Marrying waterways: Politicising and gendering the landscape in Spenser's Faerie Queene river-marriage canto by Dr Joan Fitzpatrick
In April 1580 Edmund Spenser wrote a letter to his old Cambridge friend Gabriel Harvey telling him about a literary project he intended to undertake in the near future:
I minde shortely at conuenient leysure, to sette forth a Booke . . . whyche I entitle, Epithalamion Thamesis, whyche Booke I dare vndertake wil be very profitable for the knowledge, and rare for the Inuention, and manner of handling. For in setting forth the marriage of the Thames: I shewe his first beginning, and offspring, and all the Countrey, that he passeth thorough, and also describe all the Riuers throughout Englande, whyche came to this Wedding, and their righte names, and right passage, etc. A worke beleeue me, of much labour, wherein notwithstanding Master Holinshed hath muche furthered and aduantaged me, who therein hath bestowed singular paines, in searching oute their first heades, and sourses: and also in tracing, and dogging oute all their Course, til they fall into the Sea. (Spenser 1949, 17)
We do not know what became of Spenser's project; he may have abandoned it--perhaps because it was too ambitious--or it may simply have been lost. The Variorum edition identified six critics who thought that the marriage of the Thames and the Medway, which occurs in Book 4 canto 11 of The Faerie Queene, completes the intention announced in Spenser's letter to Harvey concerning Epithalamion Thamesis, with just one dissenting voice (Spenser 1949, 266).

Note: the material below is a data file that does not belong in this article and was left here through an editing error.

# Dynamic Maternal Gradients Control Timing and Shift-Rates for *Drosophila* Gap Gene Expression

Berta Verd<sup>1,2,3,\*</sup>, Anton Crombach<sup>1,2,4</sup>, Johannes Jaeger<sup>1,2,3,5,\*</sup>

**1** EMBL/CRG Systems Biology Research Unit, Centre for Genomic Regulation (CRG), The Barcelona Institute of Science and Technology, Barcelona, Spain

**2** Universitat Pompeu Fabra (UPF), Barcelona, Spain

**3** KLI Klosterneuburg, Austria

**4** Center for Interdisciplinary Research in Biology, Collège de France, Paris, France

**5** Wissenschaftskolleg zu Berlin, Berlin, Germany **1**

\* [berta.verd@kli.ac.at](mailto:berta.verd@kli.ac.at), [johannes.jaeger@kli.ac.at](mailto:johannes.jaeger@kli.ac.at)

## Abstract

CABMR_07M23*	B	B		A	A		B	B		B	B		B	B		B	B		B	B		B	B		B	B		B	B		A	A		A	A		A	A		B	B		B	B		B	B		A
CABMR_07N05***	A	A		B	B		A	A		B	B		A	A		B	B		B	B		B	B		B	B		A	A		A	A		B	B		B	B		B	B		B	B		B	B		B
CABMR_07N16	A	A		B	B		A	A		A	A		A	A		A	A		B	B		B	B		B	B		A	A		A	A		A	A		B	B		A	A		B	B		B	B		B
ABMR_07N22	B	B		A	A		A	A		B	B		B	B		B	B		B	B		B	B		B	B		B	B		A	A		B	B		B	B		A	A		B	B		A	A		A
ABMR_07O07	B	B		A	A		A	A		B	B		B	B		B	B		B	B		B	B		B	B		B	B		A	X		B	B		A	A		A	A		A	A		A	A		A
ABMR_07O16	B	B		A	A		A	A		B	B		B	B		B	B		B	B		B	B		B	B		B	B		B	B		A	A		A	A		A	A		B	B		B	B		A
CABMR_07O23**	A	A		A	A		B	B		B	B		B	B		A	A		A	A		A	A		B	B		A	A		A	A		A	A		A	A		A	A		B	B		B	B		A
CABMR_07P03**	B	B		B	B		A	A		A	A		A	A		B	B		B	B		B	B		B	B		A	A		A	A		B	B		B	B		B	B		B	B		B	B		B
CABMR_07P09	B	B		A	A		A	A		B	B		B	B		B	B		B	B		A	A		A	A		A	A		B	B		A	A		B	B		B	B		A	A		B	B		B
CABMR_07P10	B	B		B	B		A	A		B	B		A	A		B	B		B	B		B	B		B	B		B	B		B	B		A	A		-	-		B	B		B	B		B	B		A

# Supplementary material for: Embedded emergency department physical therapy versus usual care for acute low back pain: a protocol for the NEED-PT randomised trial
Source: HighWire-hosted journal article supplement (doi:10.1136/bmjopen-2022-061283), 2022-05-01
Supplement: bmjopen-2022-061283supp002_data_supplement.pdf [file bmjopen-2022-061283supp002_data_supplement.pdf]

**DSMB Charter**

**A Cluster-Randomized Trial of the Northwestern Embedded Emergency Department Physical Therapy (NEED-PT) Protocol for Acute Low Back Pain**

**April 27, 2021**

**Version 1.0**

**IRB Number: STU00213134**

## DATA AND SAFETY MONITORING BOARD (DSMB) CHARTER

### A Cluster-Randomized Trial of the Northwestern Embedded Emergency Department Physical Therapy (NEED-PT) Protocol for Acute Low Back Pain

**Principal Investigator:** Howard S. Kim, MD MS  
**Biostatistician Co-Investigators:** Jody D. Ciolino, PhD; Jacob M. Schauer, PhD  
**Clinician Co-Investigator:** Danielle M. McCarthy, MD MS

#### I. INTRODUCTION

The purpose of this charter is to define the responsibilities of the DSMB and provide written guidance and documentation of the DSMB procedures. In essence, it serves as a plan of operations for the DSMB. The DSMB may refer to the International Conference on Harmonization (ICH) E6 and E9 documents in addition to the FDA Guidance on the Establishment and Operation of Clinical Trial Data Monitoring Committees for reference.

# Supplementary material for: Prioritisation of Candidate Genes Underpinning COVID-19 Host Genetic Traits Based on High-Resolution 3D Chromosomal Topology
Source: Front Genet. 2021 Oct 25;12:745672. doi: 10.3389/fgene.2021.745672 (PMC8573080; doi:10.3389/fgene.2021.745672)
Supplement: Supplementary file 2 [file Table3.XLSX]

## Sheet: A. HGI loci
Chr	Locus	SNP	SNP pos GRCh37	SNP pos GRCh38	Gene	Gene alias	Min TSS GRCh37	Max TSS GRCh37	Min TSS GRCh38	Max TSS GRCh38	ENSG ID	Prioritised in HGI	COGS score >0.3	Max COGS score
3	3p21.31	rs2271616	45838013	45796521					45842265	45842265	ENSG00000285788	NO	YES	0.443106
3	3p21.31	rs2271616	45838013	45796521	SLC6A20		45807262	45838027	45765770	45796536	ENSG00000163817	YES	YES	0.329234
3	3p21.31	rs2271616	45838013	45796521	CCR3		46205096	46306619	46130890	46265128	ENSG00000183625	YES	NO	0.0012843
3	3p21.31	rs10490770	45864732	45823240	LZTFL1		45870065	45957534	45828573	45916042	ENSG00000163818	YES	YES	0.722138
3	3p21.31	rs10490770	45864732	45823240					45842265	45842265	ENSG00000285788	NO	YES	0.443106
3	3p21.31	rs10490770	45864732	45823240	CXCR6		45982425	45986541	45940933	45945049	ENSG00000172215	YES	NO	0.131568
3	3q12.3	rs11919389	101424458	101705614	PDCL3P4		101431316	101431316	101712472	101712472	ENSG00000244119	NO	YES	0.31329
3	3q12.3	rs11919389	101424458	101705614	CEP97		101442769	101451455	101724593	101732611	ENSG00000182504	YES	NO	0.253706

The description of the marriage of the Thames and the Medway is a celebration of English nationhood and the governance of waters. The episode serves as a model for the attempted resolution in poetry of competing territorial claims and makes explicit Spenser's perception of the importance of landscape within the political, historical, and social concerns of the poem. The celebratory tone of the episode belies its function as a fantastical, selective, and imaginative reshaping of landscape which subordinates geographical reality to an ideological ideal. That Spenser's poetry has a distinct nationalistic agenda was of interest to critics who, influenced by theoretical developments, recognised the colonial agenda running through The Faerie Queene. The polarization of Spenser's experience and his imagination is typical of binary oppositions which have dominated Spenser studies for many years: England versus Ireland, coloniser versus colonized, poetry versus political polemic; this last binary made textual in the generic distinction between The Faerie Queene and A View of the Present State of Ireland. However, in the late twentieth century there was an effort to acknowledge that boundaries between apparent binary opposites can be less than distinct. Stephen Greenblatt's Renaissance Self-Fashioning prompted closer analysis of Spenser's poetry in the light of theoretical ideas, particularly those of Jacques Derrida. Greenblatt's explanation of Guyon's aggression in the Bower of Bliss focused upon colonial efforts to avoid the "threat of absorption" that colonized cultures presented to the colonizer, that is the threat of the constructed binaries of Self and Other, civilized and uncivilized, collapsing into each other (Greenblatt 1980, 172). In the collection of essays that appeared in 1989, Spenser and Ireland: An Interdisciplinary Perspective, literary critics and historians informed by recent theoretical debate actively engaged with the binaries that have traditionally governed Spenser studies. In his introduction to the collection Nicholas Canny questioned the traditional view that there is a distinction between Spenser's polemical and creative writing by asserting the two way process between The Faerie Queene and the View (Canny 1989, 9). This is related to his challenge of the traditional notion of Spenser as humanist versus Spenser as militant protestant: Spenser could be both, claimed Canny (Canny 1989, 13-15). As critics have come to accept the influence of Spenser's Irish experience on his poetry they have recognised that traditional dichotomies such as English versus Irish or colonizer versus colonized are inadequate. David Baker has pointed out that although the people inhabiting Ireland were carefully categorized by the colonists into Old English, New English, or 'meere' Irish these categories are inherently unstable (Baker 1992, 38-40). Drawing upon the theories of Homi Bhabha, Andrew Hadfield, like Baker, claimed that nationhood cannot be considered in terms of polarities because no identity--colonizer or native--is pure but rather both groups will be altered by contact (Hadfield 1997, 1-4). In a similar vein Willy Maley rejected what he called "simplistic divisions" (Maley 1997, 52) and noted that, given the Scottish context of the View (Maley 1997, 136-62) and the fact that Spenser was particulary resentful toward the Old English (Maley 1997, 52-58), traditional dichotomising cannot adequately reflect the situation in early modern Ireland.